from In Lieu of a Guidebook, by Macnamara Poston

Introduction/True Story

[I will refer to myself in the third person from this point on in an effort to remain objective, naturally.]

MP fell asleep at 12:47 and had a dream that he was sitting on a bench with Spicer in San Francisco.

The bench, in front of a pond and they were breaking chunks of French bread loaves and tossing them to the birds—ducks, pigeons, geese, fish with wings, birds with gills, weeping crows, feathered trout.

The smell of the bread so strong, MP wakes up with a dry hungry mouth. He gets mixed up too easily—thinks smelling stale French bread is like smelling toast randomly—thinks he is having a stroke. He's not, of course.

Sits up, can't remember what kind of birds they were feeding, just shapes on the water. Maybe just the water.


Part One: Chasing Blank

MP spends all night working on an echo-series for the writer ______. Decides to call it "Chasing _______." Visualizes running (a hilarious thought after all this time) after ______.

Expands. Line becomes a circle and MP indulges in poetic ruminations along the lines of a line is not a line, but if you make a circle large enough, the runners cannot tell they're running in circles, which leads MP to believe that perhaps he may actually be the one being chased, if poetry is a circle—

so to prove the point, he rushes outside in his robe, takes a stick off the ground and digs a circle into the dirt. It is a good circle. A nice track. With a flashlight, he finds two confused ladybugs (wishing they'd just hidden in a bush for the night, to be sure). Sets them one on the track, the other a few inches ahead. MP expects them to move like mice in a maze, or—his stroke of inspiration—the writers, naturally.

He holds back the flashlight to provide as much illumination (just the word he was looking for, of course) as possible. The whole thing is shot to shit when: 1) The first one lifts its circle wings and hovers away, and 2) The other burrows into the dirt and disappears.


Part Three: Accidentally Inside/Outside

MP says to a student to end a piece in the physical body by going out of the physical body.

And it came out without a thought, and for a moment, MP is pretty pleased with himself and his wonderfully cryptic words until realizing that he's full of it and it's only a matter of time until the student realizes the same and he becomes just another mouth dropping lead with no beauty, just presumed weight.

Or, it starts as a load, and is until MP thinks this is all out of the physical body because there is no physical body so it's all an attempt to create the physical body.

And, go out to the objective for the subjective.

And, single banana tree.


Part Three and a Half: Tossing Stones at Root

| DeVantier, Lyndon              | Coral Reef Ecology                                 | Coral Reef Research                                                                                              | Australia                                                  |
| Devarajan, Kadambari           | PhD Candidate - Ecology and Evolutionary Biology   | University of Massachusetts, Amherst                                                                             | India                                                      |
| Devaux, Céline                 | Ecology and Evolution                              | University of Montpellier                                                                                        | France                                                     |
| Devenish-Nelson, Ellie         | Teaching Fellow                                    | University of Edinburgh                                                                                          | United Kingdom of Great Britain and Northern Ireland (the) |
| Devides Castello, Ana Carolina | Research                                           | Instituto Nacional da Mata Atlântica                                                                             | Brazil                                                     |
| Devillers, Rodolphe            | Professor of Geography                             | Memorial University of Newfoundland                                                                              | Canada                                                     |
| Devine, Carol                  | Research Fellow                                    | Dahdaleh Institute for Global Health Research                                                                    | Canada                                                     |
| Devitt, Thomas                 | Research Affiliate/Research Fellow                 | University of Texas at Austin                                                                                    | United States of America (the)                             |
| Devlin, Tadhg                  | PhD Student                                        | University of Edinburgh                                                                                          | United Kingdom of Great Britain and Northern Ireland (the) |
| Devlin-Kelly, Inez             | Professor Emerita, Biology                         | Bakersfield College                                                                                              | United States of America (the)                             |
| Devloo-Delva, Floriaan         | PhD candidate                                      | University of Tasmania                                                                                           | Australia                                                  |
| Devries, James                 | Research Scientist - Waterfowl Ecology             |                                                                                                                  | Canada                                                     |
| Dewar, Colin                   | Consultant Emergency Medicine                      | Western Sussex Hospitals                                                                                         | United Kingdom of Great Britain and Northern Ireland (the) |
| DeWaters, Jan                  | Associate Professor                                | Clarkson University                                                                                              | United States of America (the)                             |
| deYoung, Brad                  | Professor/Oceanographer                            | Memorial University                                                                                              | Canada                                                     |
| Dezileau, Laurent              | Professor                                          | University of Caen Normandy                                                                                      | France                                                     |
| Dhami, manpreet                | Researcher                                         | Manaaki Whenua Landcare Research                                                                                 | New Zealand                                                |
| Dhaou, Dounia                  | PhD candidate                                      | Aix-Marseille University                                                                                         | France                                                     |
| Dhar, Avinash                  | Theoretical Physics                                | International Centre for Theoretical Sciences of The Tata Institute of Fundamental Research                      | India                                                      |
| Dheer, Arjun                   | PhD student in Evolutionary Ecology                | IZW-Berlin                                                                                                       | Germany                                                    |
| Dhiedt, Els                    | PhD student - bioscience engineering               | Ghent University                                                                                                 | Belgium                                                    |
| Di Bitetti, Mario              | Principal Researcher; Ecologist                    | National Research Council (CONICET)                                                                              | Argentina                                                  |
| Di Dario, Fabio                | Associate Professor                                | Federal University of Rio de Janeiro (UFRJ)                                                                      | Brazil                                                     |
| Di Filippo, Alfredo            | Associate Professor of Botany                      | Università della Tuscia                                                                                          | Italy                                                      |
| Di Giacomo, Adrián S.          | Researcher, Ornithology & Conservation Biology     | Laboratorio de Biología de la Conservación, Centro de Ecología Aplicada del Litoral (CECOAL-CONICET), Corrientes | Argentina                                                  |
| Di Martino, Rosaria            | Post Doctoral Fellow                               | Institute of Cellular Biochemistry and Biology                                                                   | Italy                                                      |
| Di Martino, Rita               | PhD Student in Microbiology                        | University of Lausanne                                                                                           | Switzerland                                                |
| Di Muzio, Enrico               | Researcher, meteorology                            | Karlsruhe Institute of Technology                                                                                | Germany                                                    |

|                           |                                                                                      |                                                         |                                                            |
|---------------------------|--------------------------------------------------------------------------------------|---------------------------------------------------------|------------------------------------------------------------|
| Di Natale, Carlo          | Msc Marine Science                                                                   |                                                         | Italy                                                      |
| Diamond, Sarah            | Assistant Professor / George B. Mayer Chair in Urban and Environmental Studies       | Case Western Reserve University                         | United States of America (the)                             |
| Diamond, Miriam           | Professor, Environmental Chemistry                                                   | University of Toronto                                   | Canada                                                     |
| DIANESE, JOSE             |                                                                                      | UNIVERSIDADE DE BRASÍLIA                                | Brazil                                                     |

MP finds himself outside again, middle of the night. Seated in the yard, Basho whispers in his ear. Toss this stone, and name it. Then another, and another.

Sad stone love stone death stone lonesome stone joy stone stone stone . . .

The cool lunar faces of pebbles settle on the half-exposed roots of the tree. Basho’s gone—not even the ghost warmth of his presence. MP missing, too—

Just the stones, just the single banana tree.


Part Four: Pollock

MP wonders, out loud again, about ends and means and means to the ends and inspiration and preparation.

If he says something out of love for his own voice, or accidentally, or worse, out of ignorance, does what he say lose value, or can it have value?

Jackson Pollock found the drip method by spilling a can. A seeker of noble truths, said O'Hara. True, true—but first, he tilted the can too much.

And, if the end is all that matters, then we only need critics, right?

And, can the means not be an end to anything at all, and it be enough?

Or, can nothing be just a means—and therefore, an end?

MP agrees with O’Hara. Whispers nothing nothing nothing.


Part Four and a Half: Addendum to Part Three (Outside/Inside)

Did MP just try to pass off some failed fortune cookie saying from class as the spark for something greater? And then try to sound self-aware of the irony? But, in the process, demolish any sense of ridiculousness?

Did MP mention the student who laughed and said, audibly "Oh no he didn't!"

So, did MP just (in essence) use his accidental quote/unquote wisdom to compare himself to Jackson Pollock? Does it matter whether or not is he meant to?

And, see, there's the problem—that's where we are—


Part Six: In Reference to Haiku

So, then, MP says out loud—if the immediate is the vertical step to the eternal, therefore the eternal is the end, and the immediate the means—

and MP stands up and says out loud Jesus Christ, cut to the chase, throws out all of his poems, writes on one page:

I am scared of death but preparing and on another I am scared of love but want it and is done with it—

and then feels inconsolably sad.

Single banana tree outside the window.



It wasn’t the thought of Spicer that got MP up in the middle of the night, and it wasn’t that he thought he was having a stroke, however brief. Those goddamn birds . . .

MP cannot make out what kind of birds they were feeding, while Spicer has already walked away—

Gone to the post office to mail Basho a package—

Small banana tree, the size of a hand.
A swan the size of a ladybug feeding on its fruit—

Robert Krut's poetry has appeared in Barrow Street, Salt Hill, Hayden's Ferry Review, and others. Currently, he lives in Los Angeles and teaches at the University of California at Santa Barbara.